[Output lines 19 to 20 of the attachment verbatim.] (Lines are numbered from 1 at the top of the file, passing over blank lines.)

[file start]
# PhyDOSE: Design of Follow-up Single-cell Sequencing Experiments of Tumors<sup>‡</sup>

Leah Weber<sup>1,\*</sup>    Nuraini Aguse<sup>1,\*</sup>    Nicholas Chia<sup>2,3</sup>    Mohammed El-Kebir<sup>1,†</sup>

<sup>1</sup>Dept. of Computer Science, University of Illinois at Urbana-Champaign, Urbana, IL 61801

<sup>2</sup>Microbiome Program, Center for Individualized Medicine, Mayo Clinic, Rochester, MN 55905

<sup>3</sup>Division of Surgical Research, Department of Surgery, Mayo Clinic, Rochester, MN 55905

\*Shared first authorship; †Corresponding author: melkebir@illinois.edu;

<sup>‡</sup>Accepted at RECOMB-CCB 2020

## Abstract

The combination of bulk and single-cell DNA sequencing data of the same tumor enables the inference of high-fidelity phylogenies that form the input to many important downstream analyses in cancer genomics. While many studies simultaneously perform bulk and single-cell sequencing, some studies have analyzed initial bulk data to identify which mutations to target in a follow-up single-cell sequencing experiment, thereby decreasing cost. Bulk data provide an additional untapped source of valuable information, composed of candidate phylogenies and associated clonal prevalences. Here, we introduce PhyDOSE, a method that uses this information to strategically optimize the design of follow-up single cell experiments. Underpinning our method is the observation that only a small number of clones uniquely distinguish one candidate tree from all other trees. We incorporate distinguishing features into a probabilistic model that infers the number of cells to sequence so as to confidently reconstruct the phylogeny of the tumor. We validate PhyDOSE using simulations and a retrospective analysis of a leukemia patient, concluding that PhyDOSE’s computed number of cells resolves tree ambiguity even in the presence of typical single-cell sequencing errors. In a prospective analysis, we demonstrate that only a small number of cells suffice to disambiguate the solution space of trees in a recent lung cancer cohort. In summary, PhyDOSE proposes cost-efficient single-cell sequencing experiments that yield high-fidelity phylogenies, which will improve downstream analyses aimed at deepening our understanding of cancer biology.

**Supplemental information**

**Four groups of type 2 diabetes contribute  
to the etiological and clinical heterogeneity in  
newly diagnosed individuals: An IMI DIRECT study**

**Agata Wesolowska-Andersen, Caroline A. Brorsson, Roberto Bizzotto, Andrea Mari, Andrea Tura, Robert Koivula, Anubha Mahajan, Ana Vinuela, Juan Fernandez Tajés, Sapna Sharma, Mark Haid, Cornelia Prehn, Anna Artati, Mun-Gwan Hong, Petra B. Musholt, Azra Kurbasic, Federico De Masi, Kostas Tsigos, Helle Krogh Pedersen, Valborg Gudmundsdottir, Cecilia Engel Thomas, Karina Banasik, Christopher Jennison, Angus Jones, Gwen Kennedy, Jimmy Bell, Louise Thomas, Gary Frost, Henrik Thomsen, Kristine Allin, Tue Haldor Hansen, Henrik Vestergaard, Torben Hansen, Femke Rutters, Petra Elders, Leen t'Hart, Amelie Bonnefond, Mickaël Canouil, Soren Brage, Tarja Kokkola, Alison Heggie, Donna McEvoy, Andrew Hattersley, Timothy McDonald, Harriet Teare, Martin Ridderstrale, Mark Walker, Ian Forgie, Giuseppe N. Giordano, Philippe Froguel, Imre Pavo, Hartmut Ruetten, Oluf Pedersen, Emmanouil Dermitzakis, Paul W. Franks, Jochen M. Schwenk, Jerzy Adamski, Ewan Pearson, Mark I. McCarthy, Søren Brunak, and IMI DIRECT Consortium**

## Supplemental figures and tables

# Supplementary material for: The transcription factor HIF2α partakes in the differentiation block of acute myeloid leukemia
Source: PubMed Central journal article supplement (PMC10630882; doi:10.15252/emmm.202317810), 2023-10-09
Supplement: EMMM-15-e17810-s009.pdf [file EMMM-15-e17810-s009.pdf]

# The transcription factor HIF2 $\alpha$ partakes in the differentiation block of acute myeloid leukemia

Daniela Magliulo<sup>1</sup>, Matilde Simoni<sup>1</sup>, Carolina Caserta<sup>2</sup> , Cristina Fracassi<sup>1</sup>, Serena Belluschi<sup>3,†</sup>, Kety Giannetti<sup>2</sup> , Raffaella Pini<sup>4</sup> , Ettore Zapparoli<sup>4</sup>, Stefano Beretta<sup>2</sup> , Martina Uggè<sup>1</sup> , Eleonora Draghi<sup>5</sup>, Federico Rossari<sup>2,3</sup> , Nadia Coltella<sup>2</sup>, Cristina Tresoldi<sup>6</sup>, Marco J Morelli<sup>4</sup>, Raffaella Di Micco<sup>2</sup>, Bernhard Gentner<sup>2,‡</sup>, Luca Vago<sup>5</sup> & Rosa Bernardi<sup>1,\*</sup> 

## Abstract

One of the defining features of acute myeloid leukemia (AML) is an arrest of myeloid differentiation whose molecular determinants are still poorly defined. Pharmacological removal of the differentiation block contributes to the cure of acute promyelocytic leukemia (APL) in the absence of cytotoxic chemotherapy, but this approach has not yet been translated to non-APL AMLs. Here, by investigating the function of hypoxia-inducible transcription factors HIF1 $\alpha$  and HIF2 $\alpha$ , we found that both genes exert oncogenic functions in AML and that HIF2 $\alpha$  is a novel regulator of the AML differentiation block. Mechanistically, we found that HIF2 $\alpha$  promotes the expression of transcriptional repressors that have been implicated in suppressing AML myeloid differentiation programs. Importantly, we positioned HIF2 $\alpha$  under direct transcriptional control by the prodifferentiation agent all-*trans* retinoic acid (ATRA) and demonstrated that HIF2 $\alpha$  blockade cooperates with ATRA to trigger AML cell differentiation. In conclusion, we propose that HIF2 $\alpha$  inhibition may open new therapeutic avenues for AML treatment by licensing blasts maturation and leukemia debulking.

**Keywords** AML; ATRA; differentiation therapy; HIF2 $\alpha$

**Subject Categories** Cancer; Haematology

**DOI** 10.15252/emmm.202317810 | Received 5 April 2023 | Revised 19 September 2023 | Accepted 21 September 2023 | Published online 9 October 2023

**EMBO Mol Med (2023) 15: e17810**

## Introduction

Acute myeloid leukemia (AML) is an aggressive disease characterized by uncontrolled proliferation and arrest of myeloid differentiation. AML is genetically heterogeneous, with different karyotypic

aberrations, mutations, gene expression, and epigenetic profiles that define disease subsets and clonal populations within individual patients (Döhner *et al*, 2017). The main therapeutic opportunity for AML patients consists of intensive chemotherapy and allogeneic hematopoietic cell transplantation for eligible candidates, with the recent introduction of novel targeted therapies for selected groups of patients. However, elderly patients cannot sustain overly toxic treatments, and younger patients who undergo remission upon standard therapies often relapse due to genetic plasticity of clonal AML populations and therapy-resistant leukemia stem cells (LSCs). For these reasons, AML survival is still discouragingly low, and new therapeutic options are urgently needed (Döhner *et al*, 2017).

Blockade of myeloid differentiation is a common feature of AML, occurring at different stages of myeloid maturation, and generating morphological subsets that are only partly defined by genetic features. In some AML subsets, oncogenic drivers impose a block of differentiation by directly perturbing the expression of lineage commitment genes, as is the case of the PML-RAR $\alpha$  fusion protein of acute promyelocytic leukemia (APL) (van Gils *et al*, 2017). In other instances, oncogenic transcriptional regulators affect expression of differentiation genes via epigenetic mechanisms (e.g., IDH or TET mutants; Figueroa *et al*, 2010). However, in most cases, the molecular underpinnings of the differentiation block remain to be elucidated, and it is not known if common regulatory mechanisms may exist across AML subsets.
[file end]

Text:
# The transcription factor HIF2 $\alpha$ partakes in the differentiation block of acute myeloid leukemia

Daniela Magliulo<sup>1</sup>, Matilde Simoni<sup>1</sup>, Carolina Caserta<sup>2</sup> , Cristina Fracassi<sup>1</sup>, Serena Belluschi<sup>3,†</sup>, Kety Giannetti<sup>2</sup> , Raffaella Pini<sup>4</sup> , Ettore Zapparoli<sup>4</sup>, Stefano Beretta<sup>2</sup> , Martina Uggè<sup>1</sup> , Eleonora Draghi<sup>5</sup>, Federico Rossari<sup>2,3</sup> , Nadia Coltella<sup>2</sup>, Cristina Tresoldi<sup>6</sup>, Marco J Morelli<sup>4</sup>, Raffaella Di Micco<sup>2</sup>, Bernhard Gentner<sup>2,‡</sup>, Luca Vago<sup>5</sup> & Rosa Bernardi<sup>1,\*</sup> 